In the News for the Week of 3-7-06
Clinical news in the headlines
- ACP President urges Congress to pass key payment reforms
- Latest issue of Capitol Key newsletter now available
Medicare Part D
- Some seniors find themselves enrolled in two plans
- AQA pilot project will measure quality, reporting methods
- National IT group now calling for project volunteers
Clinical news in the headlines
A drug in the most widely prescribed class of antibiotics in the U.S. was found to have potentially serious side effects in a large study conducted by Canadian researchers.
The study, published early online by the New England Journal of Medicine (NEJM), found that gatifloxacin (Bristol-Myers Squibb’s Tequin) was associated with a higher risk of hypoglycemia and hyperglycemia than either macrolide antibiotics or other fluoroquinolones. The study, which looked at 1.4 million patient health records in Ontario, Canada, will be published in the March 30 NEJM.
The researchers identified patients age 66 or older who were treated between 2002-04 for hypoglycemia and hyperglycemia within 30 days after antibiotic therapy. Patients treated with gatifloxacin had four times the risk for hypoglycemia and 17 times the risk for hyperglycemia as those treated with macrolide antibiotics. Of the other fluoroquinolones, only levofloxacin carried a slightly increased risk of hypoglycemia, but not hyperglycemia. This increased risk of dysglycemic effects with gatifloxacin was observed in both diabetic and non-diabetic patients.
The researchers advised physicians to consider avoiding gatifloxacin because it has little therapeutic advantages over alternative quinolone antibiotics. When gatifloxacin is prescribed, physicians should be aware of the risk of potentially serious abnormalities in blood glucose, the authors said, and instruct patients to seek care if symptoms develop.
Bristol-Myers Squibb started selling gatifloxacin in 1999, the March 2 New York Times reported. Since then, regulators have ordered the company to add several warnings to the package insert, including one saying the drug should not be prescribed to patients with diabetes.
The NEJM is online.
The New York Times is online.
The following articles appear in the March 7 issue of Annals of Internal Medicine. Full text is available to College members and subscribers online.
Editors detail steps to correct research fraud. Two journal editors discuss scientific fraud and outline steps to correct scientific literature corrupted by fraudulent research. They show how key responsibilities in the aftermath of fraud—investigating the misconduct, correcting the scientific literature and preventing further fraud—should be shared among the offending researchers’ institution, their co-authors and the journal editors who published the fraudulent research.
Studies define scope of community-acquired MRSA. In one study, researchers examined 384 people who had acquired S. aureus skin or soft-tissue infections and found that 72% had community-acquired MRSA. Most clinicians did not recognize that community-acquired MRSA had become a leading cause of skin and soft-tissue infection in their community and recommended treatment with ineffective antimicrobial agents.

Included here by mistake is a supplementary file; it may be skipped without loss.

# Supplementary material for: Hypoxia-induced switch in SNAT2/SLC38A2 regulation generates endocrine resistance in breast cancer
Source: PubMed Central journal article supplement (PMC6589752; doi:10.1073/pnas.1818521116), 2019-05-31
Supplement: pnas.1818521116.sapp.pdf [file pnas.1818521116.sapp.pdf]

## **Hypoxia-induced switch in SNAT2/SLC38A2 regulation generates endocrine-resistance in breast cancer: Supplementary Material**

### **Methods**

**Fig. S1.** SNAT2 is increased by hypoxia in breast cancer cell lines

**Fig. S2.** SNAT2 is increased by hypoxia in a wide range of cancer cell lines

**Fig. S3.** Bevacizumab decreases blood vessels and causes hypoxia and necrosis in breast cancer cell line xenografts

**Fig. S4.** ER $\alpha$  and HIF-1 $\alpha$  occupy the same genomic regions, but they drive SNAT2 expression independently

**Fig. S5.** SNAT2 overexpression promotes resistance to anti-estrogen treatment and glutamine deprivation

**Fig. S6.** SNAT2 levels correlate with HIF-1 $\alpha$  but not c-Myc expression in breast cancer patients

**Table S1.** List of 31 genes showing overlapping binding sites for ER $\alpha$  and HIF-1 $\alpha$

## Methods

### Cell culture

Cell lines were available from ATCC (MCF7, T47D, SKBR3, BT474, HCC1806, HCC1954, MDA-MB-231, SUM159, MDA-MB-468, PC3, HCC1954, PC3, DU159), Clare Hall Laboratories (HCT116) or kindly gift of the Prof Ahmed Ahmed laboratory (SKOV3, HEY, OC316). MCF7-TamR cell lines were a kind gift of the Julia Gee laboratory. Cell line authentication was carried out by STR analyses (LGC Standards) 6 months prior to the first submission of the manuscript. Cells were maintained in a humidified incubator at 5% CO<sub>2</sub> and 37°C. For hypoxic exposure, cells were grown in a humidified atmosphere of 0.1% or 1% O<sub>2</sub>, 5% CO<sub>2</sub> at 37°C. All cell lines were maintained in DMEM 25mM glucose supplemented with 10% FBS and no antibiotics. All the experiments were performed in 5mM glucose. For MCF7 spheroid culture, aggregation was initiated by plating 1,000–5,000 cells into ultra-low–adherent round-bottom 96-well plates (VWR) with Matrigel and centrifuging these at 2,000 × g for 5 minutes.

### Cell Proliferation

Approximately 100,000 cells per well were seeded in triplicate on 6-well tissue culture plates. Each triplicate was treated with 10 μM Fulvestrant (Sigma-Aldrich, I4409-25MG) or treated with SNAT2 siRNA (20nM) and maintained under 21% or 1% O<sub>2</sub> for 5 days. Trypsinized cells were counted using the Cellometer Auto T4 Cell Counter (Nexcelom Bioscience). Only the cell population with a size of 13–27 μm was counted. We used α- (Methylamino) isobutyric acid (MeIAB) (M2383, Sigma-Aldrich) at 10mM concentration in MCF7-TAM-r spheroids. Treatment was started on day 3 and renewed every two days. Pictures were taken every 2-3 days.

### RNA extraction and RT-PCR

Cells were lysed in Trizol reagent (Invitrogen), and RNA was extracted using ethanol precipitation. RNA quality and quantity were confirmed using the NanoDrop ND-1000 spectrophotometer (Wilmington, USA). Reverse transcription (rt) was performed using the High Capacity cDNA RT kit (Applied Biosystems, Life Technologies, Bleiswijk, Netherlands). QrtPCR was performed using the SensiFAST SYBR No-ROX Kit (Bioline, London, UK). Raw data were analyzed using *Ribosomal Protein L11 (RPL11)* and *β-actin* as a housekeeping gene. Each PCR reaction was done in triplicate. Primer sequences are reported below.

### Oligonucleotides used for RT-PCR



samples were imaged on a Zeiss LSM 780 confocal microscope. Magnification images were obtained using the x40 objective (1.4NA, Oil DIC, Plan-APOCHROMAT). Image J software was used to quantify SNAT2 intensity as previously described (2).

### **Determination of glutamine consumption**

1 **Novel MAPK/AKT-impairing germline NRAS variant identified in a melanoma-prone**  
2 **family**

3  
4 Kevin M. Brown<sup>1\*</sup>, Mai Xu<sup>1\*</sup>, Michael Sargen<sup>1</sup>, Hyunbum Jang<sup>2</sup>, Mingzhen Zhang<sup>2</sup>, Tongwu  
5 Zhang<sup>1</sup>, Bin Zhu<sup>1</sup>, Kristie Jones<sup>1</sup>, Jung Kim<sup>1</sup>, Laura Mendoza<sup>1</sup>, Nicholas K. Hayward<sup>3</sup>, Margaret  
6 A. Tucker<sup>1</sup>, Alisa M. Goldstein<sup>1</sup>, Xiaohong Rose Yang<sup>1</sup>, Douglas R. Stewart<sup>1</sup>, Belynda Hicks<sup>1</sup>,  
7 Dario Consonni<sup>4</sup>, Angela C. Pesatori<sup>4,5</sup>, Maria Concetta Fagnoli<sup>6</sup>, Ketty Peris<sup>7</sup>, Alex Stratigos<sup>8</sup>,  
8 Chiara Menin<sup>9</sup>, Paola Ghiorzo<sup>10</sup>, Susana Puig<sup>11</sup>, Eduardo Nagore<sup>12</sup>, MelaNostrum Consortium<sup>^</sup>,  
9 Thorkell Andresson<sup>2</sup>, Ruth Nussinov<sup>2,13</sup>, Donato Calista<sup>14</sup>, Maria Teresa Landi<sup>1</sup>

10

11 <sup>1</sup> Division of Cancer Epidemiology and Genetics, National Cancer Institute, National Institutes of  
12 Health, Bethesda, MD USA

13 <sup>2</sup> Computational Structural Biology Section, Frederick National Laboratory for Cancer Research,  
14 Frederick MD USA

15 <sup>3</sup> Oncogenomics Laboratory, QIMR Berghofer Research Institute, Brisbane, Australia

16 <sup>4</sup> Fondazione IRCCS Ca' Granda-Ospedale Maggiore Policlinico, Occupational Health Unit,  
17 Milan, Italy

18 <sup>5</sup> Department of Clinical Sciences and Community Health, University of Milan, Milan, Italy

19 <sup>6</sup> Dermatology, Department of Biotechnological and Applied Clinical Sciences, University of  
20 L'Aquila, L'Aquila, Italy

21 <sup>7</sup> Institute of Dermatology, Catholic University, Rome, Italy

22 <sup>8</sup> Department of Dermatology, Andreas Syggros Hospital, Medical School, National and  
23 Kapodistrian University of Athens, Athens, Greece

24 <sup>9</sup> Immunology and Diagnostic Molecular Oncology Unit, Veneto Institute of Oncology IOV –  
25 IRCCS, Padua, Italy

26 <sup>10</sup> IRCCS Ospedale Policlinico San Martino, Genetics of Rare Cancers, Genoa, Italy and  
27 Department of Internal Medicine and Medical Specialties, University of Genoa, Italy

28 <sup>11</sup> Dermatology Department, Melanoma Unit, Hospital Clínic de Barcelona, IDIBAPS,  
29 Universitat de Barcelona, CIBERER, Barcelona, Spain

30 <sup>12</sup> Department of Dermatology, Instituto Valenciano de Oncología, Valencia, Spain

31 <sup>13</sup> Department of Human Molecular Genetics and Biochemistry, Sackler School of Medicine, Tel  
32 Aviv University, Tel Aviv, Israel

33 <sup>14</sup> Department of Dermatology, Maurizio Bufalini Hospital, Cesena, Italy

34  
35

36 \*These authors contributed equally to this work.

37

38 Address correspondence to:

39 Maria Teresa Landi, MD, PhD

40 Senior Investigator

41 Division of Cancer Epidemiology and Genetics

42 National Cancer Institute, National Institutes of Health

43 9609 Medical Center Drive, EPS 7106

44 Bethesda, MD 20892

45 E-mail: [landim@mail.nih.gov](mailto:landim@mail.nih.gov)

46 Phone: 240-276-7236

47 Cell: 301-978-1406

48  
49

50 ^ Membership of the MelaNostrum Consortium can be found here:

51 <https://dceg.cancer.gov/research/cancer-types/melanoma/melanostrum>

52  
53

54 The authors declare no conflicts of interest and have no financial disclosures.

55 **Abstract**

In another study, researchers looked at 2001-02 data from the most recent National Health and Nutrition Examination Survey and estimated that 84 million people in the United States—31.6% of U.S. adults—carry MSSA (S. aureus that is sensitive to methicillin), while 2 million, or 0.84%, carry MRSA, S. aureus that is methicillin resistant. An editorial describes the rise in the number of community-acquired MRSA cases here and elsewhere as "epidemic."
Aspirin more cost effective than statins in preventing heart disease in men. Using published information, researchers developed a computer model to estimate outcomes and costs for men with various risks for coronary heart disease (CHD) taking aspirin, statins, both drugs or neither. They found that among the four options, aspirin is the most cost effective for preventing CHD events in middle-aged men whose 10-year risk for CHD is 7.5%. Adding a statin to aspirin therapy becomes more cost effective when the patient’s 10-year CHD risk is 10% or higher.
Regulators last week approved a major cancer drug to treat rheumatoid arthritis (RA), giving new hope to patients who do not respond to current treatments.
Rituximab, sold by Genentech as Rituxan, was first approved in 1997 to treat lymphoma, said the March 1 Washington Post. In addition to its newly approved use for treatment of RA, researchers are testing its effectiveness against other immune diseases such as lupus and multiple sclerosis.
The approval signals the growing ability of biotechnology researchers to predict how drugs might be useful in treating more than one disease, the article said. Rituximab has become a best-selling cancer drug because it is more precise and less toxic than older chemotherapy treatments.
Rituximab, an artificial antibody created through genetic engineering, suppresses certain immune cells that are overactive in some types of cancer as well as in RA, the Washington Post reported. The drug is expected to help between 30% and 40% of RA sufferers who do not respond to other treatments.
The Washington Post is online.
The FDA last week approved the first skin patch for treating major depression. The patch, which delivers selegiline, a monoamine oxidase (MAO) inhibitor, into the bloodstream, offers an alternative to patients who must restrict their diet while taking oral MAO inhibitors.